How to report potholes in Seattle

Late-winter is unofficially ‘pothole season’

Crews repair a pothole by smoothing asphalt on Cherry Street in Seattle, WA.

Our tires are cringing just looking at this image.

Photo via SDOT

Hole-y moley. In his State of the City speech this week, one of the first things Mayor Bruce Harrell mentioned was that the city fixed 23,000 potholes in 2022, a 50% increase over 2021.

That sounds like a lot, but we also had tons of potholes to repair. And numbers may not mean much if you just jacked up your ride on one. Since we’re unofficially in pothole season, here’s how you can help crack down on those annoying lil’ road gremlins and maybe save someone’s tread.

Find ‘em 🔍

You won’t have trouble spotting potholes now. When temps go below freezing, like they did this week, the water from rain or melted snow expands into asphalt cracks as it turns to ice. Eventually, those cracks get bigger and loosen pavement, and create voids when the water melts again. Voila — you have a pothole.

Take note of where they are around your neighborhood or usual driving route.

Report ‘em ✏️

The Seattle’s Department of Transportation (SDOT) has a handy site where you can report a pothole via a short form. Crews try to respond to requests within three business days, but that can vary depending on the department’s workload and other complications.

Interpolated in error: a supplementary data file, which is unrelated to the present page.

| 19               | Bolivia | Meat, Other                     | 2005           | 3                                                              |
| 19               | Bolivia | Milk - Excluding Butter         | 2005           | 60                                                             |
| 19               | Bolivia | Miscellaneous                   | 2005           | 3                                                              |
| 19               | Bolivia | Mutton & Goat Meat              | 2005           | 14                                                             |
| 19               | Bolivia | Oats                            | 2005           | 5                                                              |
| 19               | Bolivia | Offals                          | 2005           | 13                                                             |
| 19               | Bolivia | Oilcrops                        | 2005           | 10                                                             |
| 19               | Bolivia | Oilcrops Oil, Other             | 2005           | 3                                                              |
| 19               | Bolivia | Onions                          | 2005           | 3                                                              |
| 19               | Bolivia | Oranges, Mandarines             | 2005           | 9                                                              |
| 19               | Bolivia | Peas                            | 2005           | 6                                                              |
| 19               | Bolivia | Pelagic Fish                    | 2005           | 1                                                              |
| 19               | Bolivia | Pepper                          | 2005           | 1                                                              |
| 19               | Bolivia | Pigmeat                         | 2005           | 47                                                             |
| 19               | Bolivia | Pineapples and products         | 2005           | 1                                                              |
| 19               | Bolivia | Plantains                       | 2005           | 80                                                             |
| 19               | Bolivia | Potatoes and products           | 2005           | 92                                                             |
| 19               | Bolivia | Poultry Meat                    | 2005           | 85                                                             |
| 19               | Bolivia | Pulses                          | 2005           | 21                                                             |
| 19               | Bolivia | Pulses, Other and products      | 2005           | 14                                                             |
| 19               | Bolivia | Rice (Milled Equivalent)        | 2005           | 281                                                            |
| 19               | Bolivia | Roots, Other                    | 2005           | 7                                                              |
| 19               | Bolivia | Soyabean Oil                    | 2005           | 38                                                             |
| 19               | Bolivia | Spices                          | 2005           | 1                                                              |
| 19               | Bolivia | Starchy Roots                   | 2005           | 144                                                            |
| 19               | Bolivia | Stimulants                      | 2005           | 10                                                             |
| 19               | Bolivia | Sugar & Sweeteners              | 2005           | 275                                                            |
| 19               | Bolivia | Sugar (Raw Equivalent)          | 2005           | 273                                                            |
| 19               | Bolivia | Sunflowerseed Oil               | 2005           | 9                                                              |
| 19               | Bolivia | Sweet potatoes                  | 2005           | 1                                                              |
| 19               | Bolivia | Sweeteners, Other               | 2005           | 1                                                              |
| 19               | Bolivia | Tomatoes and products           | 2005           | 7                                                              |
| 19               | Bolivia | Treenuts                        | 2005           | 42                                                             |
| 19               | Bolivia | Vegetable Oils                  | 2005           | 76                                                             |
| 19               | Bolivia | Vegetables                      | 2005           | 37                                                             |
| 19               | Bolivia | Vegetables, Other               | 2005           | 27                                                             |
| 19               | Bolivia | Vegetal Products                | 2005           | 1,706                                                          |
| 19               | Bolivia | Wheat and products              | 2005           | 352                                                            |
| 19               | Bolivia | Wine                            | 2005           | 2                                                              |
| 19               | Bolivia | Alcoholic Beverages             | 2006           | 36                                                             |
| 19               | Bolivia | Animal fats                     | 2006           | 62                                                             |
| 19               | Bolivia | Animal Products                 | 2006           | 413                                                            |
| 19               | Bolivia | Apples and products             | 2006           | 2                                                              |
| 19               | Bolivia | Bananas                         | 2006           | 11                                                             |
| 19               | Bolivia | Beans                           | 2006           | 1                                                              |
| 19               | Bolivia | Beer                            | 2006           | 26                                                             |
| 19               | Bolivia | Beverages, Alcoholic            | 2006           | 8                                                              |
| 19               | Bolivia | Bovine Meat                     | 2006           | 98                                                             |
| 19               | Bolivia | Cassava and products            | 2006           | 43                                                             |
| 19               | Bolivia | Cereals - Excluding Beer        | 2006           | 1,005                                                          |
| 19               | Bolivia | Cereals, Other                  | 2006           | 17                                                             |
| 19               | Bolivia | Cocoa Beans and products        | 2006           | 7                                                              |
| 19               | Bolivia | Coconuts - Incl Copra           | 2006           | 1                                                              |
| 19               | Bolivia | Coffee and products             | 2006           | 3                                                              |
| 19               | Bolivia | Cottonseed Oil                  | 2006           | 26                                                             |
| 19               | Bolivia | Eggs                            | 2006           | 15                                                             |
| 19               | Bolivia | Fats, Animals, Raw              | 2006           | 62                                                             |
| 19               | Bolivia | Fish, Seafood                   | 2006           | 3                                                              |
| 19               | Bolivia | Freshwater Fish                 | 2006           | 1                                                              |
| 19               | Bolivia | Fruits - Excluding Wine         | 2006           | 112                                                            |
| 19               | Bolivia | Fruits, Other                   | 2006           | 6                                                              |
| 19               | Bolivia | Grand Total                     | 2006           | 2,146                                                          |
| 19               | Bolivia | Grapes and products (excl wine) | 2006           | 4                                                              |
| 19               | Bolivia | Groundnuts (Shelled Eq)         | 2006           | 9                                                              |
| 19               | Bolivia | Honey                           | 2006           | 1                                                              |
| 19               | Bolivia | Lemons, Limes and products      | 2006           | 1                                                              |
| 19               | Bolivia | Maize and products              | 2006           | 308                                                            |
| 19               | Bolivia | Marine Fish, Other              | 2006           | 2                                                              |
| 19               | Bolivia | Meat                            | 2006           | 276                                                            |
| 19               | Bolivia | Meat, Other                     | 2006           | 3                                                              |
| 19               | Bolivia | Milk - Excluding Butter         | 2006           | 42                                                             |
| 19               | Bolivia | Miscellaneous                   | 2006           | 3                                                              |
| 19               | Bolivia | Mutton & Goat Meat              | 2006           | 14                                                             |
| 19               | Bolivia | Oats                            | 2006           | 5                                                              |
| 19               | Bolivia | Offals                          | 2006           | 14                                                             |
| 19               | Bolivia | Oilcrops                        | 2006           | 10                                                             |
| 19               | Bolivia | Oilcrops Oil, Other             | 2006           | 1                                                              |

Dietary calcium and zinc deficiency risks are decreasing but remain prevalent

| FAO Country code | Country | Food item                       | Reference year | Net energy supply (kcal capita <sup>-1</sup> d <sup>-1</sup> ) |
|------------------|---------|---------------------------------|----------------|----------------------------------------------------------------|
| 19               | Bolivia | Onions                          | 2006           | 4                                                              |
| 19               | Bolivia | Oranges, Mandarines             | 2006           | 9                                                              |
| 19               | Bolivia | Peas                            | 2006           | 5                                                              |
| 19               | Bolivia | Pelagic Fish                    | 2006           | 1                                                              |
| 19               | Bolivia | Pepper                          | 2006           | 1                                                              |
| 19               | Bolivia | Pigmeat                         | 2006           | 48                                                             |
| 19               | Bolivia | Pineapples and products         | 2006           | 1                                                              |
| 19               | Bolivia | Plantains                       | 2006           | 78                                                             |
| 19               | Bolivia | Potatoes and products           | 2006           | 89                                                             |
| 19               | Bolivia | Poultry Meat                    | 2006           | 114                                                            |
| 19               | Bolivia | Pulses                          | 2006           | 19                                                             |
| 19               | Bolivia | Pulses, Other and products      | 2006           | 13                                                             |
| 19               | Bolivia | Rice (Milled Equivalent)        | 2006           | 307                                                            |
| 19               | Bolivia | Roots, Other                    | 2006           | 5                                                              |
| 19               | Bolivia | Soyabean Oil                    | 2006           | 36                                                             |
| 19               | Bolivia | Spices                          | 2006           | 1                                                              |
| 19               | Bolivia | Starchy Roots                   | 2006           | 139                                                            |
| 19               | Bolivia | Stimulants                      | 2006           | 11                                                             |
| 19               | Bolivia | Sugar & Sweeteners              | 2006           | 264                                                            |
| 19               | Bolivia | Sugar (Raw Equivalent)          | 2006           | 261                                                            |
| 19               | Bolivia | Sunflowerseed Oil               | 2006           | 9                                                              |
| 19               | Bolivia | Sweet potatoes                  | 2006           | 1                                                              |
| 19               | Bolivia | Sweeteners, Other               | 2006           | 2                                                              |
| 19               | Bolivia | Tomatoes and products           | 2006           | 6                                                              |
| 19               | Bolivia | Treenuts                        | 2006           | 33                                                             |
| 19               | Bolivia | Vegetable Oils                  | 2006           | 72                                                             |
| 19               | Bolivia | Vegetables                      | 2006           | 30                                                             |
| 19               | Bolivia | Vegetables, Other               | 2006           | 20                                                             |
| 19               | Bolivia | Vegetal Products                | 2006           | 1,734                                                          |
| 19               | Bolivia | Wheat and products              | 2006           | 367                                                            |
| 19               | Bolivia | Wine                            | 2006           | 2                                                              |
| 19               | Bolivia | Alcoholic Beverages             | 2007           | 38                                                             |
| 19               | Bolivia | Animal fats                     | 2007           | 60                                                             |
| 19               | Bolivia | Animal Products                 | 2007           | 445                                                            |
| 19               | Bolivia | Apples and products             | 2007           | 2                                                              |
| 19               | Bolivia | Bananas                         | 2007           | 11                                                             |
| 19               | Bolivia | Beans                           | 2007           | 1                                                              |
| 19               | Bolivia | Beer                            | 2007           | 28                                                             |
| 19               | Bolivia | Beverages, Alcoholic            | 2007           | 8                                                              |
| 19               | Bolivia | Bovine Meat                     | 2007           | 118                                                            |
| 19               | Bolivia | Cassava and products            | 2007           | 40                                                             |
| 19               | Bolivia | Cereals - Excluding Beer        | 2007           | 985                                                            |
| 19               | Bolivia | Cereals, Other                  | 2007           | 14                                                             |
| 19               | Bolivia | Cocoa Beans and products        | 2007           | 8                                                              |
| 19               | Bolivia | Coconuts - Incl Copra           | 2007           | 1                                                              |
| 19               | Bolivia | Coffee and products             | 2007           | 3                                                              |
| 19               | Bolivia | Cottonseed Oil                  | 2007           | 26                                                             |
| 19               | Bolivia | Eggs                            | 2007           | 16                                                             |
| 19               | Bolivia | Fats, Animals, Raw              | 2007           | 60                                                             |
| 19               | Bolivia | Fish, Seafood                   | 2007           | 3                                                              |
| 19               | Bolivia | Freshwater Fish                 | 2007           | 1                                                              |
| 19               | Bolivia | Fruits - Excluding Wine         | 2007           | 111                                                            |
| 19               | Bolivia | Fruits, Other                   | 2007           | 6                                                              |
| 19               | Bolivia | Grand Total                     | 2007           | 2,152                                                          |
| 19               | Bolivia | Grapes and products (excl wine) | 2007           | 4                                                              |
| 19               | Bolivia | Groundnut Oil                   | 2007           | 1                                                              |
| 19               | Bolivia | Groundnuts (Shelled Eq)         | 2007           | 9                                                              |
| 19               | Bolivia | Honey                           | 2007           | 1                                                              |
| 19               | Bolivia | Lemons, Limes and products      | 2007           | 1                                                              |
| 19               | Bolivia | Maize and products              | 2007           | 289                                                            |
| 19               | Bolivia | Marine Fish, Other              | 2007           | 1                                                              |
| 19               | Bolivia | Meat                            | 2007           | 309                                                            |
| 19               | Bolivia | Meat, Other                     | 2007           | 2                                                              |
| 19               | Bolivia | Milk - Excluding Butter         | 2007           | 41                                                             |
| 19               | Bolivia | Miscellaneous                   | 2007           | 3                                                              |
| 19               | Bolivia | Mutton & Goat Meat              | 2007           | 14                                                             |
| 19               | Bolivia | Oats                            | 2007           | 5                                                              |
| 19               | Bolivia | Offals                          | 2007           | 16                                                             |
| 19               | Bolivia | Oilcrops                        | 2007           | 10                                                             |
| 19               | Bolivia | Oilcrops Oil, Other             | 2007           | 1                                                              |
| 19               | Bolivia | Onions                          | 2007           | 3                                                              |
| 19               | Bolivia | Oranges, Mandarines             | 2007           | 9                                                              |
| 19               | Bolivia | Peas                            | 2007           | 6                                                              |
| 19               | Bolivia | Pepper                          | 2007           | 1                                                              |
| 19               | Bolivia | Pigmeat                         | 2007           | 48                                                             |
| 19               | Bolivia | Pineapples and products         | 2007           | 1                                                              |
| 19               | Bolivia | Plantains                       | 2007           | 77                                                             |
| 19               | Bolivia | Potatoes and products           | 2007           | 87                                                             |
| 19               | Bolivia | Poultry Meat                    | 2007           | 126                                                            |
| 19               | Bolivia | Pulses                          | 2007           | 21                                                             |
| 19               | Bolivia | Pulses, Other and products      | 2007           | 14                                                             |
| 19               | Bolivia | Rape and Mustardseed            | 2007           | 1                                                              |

Not every rough-looking piece of road is a pothole, FYI. Defects from sections of asphalt can cause other cracks and fissures. But you don’t need to be able to tell the difference — if you see something, say something. SDOT will take care of the rest.

Pro tip: You can also use the city’s Find It, Fix It App for pothole reporting and other service requests like streetlight outages.

Track ‘em 👀

True pothole nerds may love the interactive map that shows pending repairs, works in progress, and potholes that have been smoothed over within the last 90 days.

If you really have time on your hands, you can even go over the past year’s worth of pothole maintenance. Those suckers are everywhere.

More from SEAtoday